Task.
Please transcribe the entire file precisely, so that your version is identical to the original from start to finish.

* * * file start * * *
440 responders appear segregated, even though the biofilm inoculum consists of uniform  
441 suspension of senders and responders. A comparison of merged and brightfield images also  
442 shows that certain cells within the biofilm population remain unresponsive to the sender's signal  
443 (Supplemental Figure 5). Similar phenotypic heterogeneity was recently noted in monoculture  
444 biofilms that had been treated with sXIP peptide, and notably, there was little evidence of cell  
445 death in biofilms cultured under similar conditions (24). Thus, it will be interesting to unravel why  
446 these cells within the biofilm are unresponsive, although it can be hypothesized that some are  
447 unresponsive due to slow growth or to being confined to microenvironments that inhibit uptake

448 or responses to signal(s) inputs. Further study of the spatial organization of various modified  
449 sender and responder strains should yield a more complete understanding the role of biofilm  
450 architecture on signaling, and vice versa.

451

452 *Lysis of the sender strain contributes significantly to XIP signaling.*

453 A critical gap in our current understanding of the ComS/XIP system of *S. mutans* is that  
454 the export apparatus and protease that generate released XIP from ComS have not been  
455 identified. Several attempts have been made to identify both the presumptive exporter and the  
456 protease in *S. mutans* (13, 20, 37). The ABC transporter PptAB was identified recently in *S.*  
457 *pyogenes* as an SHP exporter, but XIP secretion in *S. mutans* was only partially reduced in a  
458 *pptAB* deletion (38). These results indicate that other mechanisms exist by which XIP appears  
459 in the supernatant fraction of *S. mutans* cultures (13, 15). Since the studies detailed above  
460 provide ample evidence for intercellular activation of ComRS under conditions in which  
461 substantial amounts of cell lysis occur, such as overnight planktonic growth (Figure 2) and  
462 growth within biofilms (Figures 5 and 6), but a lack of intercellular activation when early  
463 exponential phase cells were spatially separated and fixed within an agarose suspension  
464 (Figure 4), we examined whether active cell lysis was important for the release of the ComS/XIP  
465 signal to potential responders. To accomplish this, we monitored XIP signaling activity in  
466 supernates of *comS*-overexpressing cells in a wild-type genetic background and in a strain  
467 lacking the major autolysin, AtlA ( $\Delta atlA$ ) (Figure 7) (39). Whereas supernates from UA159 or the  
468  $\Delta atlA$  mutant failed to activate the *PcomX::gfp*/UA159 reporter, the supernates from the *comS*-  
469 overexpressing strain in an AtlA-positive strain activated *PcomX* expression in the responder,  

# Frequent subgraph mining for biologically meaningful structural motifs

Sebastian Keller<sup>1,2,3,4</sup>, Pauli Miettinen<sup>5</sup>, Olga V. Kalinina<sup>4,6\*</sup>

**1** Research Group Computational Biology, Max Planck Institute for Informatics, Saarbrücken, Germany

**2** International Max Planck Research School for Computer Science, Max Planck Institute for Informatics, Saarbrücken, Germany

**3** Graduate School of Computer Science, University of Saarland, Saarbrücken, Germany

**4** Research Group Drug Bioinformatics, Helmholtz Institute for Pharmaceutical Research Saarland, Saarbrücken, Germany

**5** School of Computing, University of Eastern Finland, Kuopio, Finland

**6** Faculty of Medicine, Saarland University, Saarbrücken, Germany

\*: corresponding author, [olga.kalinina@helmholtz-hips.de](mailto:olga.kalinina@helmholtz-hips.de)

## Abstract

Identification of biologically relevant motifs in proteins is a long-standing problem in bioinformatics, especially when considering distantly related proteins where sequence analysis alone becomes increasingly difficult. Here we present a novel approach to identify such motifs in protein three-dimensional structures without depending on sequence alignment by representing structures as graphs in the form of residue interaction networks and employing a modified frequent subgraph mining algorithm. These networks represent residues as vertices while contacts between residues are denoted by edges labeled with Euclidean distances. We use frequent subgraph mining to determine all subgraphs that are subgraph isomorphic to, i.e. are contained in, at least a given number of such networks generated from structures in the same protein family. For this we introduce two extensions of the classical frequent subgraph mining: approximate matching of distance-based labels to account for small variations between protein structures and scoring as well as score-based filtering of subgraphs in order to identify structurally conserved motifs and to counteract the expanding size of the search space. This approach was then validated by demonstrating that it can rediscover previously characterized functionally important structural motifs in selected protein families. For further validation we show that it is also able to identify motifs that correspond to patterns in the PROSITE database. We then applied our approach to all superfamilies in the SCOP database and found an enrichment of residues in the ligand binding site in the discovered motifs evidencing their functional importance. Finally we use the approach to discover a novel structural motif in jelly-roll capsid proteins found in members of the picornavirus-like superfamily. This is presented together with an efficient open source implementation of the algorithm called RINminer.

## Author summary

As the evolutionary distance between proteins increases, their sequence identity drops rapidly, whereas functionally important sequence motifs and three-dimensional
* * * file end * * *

440 responders appear segregated, even though the biofilm inoculum consists of uniform  
441 suspension of senders and responders. A comparison of merged and brightfield images also  
442 shows that certain cells within the biofilm population remain unresponsive to the sender's signal  
443 (Supplemental Figure 5). Similar phenotypic heterogeneity was recently noted in monoculture  
444 biofilms that had been treated with sXIP peptide, and notably, there was little evidence of cell  
445 death in biofilms cultured under similar conditions (24). Thus, it will be interesting to unravel why  
446 these cells within the biofilm are unresponsive, although it can be hypothesized that some are  
447 unresponsive due to slow growth or to being confined to microenvironments that inhibit uptake

448 or responses to signal(s) inputs. Further study of the spatial organization of various modified  
449 sender and responder strains should yield a more complete understanding the role of biofilm  
450 architecture on signaling, and vice versa.

451

452 *Lysis of the sender strain contributes significantly to XIP signaling.*

453 A critical gap in our current understanding of the ComS/XIP system of *S. mutans* is that  
454 the export apparatus and protease that generate released XIP from ComS have not been  
455 identified. Several attempts have been made to identify both the presumptive exporter and the  
456 protease in *S. mutans* (13, 20, 37). The ABC transporter PptAB was identified recently in *S.*  
457 *pyogenes* as an SHP exporter, but XIP secretion in *S. mutans* was only partially reduced in a  
458 *pptAB* deletion (38). These results indicate that other mechanisms exist by which XIP appears  
459 in the supernatant fraction of *S. mutans* cultures (13, 15). Since the studies detailed above  
460 provide ample evidence for intercellular activation of ComRS under conditions in which  
461 substantial amounts of cell lysis occur, such as overnight planktonic growth (Figure 2) and  
462 growth within biofilms (Figures 5 and 6), but a lack of intercellular activation when early  
463 exponential phase cells were spatially separated and fixed within an agarose suspension  
464 (Figure 4), we examined whether active cell lysis was important for the release of the ComS/XIP  
465 signal to potential responders. To accomplish this, we monitored XIP signaling activity in  
466 supernates of *comS*-overexpressing cells in a wild-type genetic background and in a strain  
467 lacking the major autolysin, AtlA ( $\Delta atlA$ ) (Figure 7) (39). Whereas supernates from UA159 or the  
468  $\Delta atlA$  mutant failed to activate the *PcomX::gfp*/UA159 reporter, the supernates from the *comS*-  
469 overexpressing strain in an AtlA-positive strain activated *PcomX* expression in the responder,  

# Frequent subgraph mining for biologically meaningful structural motifs

Sebastian Keller<sup>1,2,3,4</sup>, Pauli Miettinen<sup>5</sup>, Olga V. Kalinina<sup>4,6\*</sup>

**1** Research Group Computational Biology, Max Planck Institute for Informatics, Saarbrücken, Germany

**2** International Max Planck Research School for Computer Science, Max Planck Institute for Informatics, Saarbrücken, Germany

**3** Graduate School of Computer Science, University of Saarland, Saarbrücken, Germany

**4** Research Group Drug Bioinformatics, Helmholtz Institute for Pharmaceutical Research Saarland, Saarbrücken, Germany

**5** School of Computing, University of Eastern Finland, Kuopio, Finland

**6** Faculty of Medicine, Saarland University, Saarbrücken, Germany

\*: corresponding author, [olga.kalinina@helmholtz-hips.de](mailto:olga.kalinina@helmholtz-hips.de)

## Abstract

Identification of biologically relevant motifs in proteins is a long-standing problem in bioinformatics, especially when considering distantly related proteins where sequence analysis alone becomes increasingly difficult. Here we present a novel approach to identify such motifs in protein three-dimensional structures without depending on sequence alignment by representing structures as graphs in the form of residue interaction networks and employing a modified frequent subgraph mining algorithm. These networks represent residues as vertices while contacts between residues are denoted by edges labeled with Euclidean distances. We use frequent subgraph mining to determine all subgraphs that are subgraph isomorphic to, i.e. are contained in, at least a given number of such networks generated from structures in the same protein family. For this we introduce two extensions of the classical frequent subgraph mining: approximate matching of distance-based labels to account for small variations between protein structures and scoring as well as score-based filtering of subgraphs in order to identify structurally conserved motifs and to counteract the expanding size of the search space. This approach was then validated by demonstrating that it can rediscover previously characterized functionally important structural motifs in selected protein families. For further validation we show that it is also able to identify motifs that correspond to patterns in the PROSITE database. We then applied our approach to all superfamilies in the SCOP database and found an enrichment of residues in the ligand binding site in the discovered motifs evidencing their functional importance. Finally we use the approach to discover a novel structural motif in jelly-roll capsid proteins found in members of the picornavirus-like superfamily. This is presented together with an efficient open source implementation of the algorithm called RINminer.

## Author summary

As the evolutionary distance between proteins increases, their sequence identity drops rapidly, whereas functionally important sequence motifs and three-dimensional